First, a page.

It's safe to call Chris Murrell a jazz singer only because he's known for that -- after all, with the likes of Joe Williams in his corner, he probably didn't have much of a choice.
Chris Murrell comes into town as part of a trio Friday night.
When: 8 p.m. Friday.
Tickets: $10; 412-221-5010.
But it doesn't end nor did it start there.
Murrell, who most recently appeared in Pittsburgh in 2003 with the Roger Humphries Big Band, returns to the region Friday night, again with Humphries but this time in a trio setting, at the Rhythm House in South Fayette.
The lifelong resident of Winston-Salem, N.C., began singing at age 10 when "my mom forced me to go to [church] children's choir, and I was kicking and screaming. Back in those days rehearsal was from [noon to 4 p.m. on Saturdays]," Murrell recalls, adding that he would have preferred to play ball.
But after that first rehearsal, Murrell told his mother, "I want to sing for the rest of my life." He also plays piano, but says, "I don't want to sit down behind an instrument."
After graduating in 1979 from the hometown Wake Forest University with a degree in theater, he began "doing the lounge thing with a trio, the country club circuit" and recording commercial jingles while working during the day at a couple of family businesses, including a funeral home.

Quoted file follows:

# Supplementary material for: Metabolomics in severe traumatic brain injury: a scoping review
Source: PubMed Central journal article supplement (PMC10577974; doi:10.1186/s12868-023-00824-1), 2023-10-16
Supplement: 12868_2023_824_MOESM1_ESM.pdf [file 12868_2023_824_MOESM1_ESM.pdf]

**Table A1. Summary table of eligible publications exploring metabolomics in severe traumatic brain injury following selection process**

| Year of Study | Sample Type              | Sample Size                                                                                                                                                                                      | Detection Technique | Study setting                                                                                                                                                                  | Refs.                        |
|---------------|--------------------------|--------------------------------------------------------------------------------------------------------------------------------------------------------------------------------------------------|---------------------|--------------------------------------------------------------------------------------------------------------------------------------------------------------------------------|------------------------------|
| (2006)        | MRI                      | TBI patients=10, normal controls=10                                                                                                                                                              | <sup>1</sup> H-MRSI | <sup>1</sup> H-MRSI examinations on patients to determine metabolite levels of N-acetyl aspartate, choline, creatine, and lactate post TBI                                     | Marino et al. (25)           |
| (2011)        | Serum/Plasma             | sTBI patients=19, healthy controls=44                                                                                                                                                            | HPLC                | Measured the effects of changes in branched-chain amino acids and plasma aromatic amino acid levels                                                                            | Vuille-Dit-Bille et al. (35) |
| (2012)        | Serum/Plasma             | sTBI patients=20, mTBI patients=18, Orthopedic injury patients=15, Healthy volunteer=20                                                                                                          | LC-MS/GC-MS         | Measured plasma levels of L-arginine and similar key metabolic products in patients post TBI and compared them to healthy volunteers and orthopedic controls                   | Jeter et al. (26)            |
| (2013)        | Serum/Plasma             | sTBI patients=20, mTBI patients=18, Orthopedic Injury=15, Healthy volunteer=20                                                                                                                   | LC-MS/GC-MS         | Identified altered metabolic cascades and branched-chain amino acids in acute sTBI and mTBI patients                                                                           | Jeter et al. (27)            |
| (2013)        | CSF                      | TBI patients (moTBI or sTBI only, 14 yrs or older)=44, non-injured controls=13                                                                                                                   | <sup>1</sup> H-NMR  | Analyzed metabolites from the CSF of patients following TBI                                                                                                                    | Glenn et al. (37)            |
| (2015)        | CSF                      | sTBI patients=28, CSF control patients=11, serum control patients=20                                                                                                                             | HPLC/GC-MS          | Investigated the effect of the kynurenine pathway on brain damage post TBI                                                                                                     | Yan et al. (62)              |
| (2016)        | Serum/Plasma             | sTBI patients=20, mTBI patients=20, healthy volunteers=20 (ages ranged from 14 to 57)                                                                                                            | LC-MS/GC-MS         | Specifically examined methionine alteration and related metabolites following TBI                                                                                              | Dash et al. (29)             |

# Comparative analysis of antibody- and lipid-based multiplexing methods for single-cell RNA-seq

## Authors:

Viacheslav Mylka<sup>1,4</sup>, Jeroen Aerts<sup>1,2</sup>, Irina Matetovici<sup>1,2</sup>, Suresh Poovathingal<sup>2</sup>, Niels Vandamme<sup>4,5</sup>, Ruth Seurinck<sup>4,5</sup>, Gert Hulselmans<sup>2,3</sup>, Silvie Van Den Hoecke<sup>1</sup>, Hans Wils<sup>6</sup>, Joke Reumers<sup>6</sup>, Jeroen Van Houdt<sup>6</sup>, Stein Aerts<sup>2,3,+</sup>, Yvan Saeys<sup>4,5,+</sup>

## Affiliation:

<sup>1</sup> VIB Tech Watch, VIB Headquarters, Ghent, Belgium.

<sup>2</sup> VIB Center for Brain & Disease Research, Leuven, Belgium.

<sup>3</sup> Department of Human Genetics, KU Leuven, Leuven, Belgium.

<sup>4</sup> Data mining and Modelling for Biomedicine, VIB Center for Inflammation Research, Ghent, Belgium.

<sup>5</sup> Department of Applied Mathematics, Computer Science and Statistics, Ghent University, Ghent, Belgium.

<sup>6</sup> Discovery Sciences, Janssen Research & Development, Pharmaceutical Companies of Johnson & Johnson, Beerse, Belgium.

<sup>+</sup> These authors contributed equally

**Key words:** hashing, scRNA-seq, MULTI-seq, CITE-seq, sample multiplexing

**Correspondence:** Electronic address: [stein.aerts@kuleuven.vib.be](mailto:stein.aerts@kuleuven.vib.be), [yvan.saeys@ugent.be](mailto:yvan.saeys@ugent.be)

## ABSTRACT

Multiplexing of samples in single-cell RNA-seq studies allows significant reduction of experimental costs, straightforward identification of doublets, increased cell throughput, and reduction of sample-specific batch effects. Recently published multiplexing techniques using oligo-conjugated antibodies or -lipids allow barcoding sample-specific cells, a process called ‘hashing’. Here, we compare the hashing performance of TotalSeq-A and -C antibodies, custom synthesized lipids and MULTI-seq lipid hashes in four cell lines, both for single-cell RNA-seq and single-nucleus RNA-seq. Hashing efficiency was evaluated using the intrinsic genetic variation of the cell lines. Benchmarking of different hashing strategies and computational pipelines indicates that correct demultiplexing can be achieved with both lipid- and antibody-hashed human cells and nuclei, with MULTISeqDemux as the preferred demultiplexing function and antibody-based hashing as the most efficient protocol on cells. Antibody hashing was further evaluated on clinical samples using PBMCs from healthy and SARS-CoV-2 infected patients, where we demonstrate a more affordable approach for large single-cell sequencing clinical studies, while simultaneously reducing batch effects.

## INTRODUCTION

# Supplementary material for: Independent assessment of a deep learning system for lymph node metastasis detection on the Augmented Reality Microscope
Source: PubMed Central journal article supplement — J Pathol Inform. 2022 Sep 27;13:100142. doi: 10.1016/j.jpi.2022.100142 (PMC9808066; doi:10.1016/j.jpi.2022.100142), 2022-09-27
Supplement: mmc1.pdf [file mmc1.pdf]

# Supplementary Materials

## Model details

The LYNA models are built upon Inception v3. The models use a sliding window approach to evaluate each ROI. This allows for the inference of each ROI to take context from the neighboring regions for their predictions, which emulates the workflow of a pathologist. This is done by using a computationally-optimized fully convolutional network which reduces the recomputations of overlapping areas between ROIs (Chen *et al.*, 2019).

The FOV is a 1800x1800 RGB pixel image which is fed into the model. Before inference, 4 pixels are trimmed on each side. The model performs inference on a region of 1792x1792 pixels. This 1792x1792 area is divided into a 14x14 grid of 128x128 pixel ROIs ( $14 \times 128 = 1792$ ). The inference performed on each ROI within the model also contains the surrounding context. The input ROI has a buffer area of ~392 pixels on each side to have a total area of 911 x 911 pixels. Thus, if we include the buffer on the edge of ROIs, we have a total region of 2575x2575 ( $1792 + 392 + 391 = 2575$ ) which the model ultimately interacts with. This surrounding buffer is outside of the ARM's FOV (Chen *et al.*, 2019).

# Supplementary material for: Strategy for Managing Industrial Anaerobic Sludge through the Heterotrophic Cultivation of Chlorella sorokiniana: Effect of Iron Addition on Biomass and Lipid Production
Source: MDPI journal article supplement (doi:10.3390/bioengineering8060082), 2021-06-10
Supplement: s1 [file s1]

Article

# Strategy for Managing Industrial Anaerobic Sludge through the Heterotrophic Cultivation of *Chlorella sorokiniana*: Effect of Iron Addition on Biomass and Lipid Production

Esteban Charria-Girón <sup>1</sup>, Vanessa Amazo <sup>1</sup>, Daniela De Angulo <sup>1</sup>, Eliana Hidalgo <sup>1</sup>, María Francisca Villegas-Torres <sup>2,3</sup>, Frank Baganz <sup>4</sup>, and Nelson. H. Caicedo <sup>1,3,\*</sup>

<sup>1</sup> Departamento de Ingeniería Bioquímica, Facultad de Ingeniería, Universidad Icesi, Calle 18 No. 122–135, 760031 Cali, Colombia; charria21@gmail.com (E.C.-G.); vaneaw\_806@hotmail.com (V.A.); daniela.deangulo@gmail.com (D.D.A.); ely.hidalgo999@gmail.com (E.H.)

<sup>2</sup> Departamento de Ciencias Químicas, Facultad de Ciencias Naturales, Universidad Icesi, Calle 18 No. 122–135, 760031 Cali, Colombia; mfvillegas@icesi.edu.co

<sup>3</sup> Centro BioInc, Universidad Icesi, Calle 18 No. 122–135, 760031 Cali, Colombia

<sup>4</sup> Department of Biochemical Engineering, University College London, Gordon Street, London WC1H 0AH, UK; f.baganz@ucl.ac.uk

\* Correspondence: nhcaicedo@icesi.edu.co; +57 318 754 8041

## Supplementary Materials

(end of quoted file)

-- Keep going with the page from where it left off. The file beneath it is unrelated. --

Murrell's break came in 1991, when he was teaching at the North Carolina School for the Arts. Frank Foster, then the leader of the Count Basie Orchestra, came there to do a master class, heard Murrell sing Billy Strayhorn's "Lush Life" and hired him on the spot.
"I had a week to shut down [everything I was doing]," he remembers. Then he joined the band in Saginaw, Mich. Murrell kept that gig until 2002, when "I came off the road to take care of my mother."
Though Murrell initially favored the soul sounds of Donny Hathaway and Stevie Wonder, he lately has leaned toward the late Johnny Hartman as an influence when it comes to what he calls "the art of intimate singing -- he's one of the greatest."
Murrell also met Williams while touring with the Basie band: "He was in my corner, treating me like a son."
Murrell's theater degree helped out with a show he did in London last year -- "The Genius of Ray Charles," a tribute to the late singer-musician that he originally thought was simply a revue.
But the show had a 15-piece big band and 12 dancers, and it turned out that he had to do some dancing as well -- "6 1/2-hour dance rehearsals for two straight weeks." He recently turned down another chance to do the show in London, but he will be part of a U.S. tour that will start in September.
In 1994, Murrell got to say "thank you" to his childhood choir director, Ruthie Matthews, then on her deathbed. Just after Murrell came back from Japan with Basie, he and two of his cousins visited her. "We sang hymns until she died," he remembers.
Murrell is equally at home with R&B, gospel and even country. Until his stint with the Basie band, Murrell was even producing rap records, "but [the rappers] had to come positive," with no demeaning words for women.
"I love any kind of music -- I've probably done it all."
Rick Nowlin can be reached at firstname.lastname@example.org or 412-263-3871.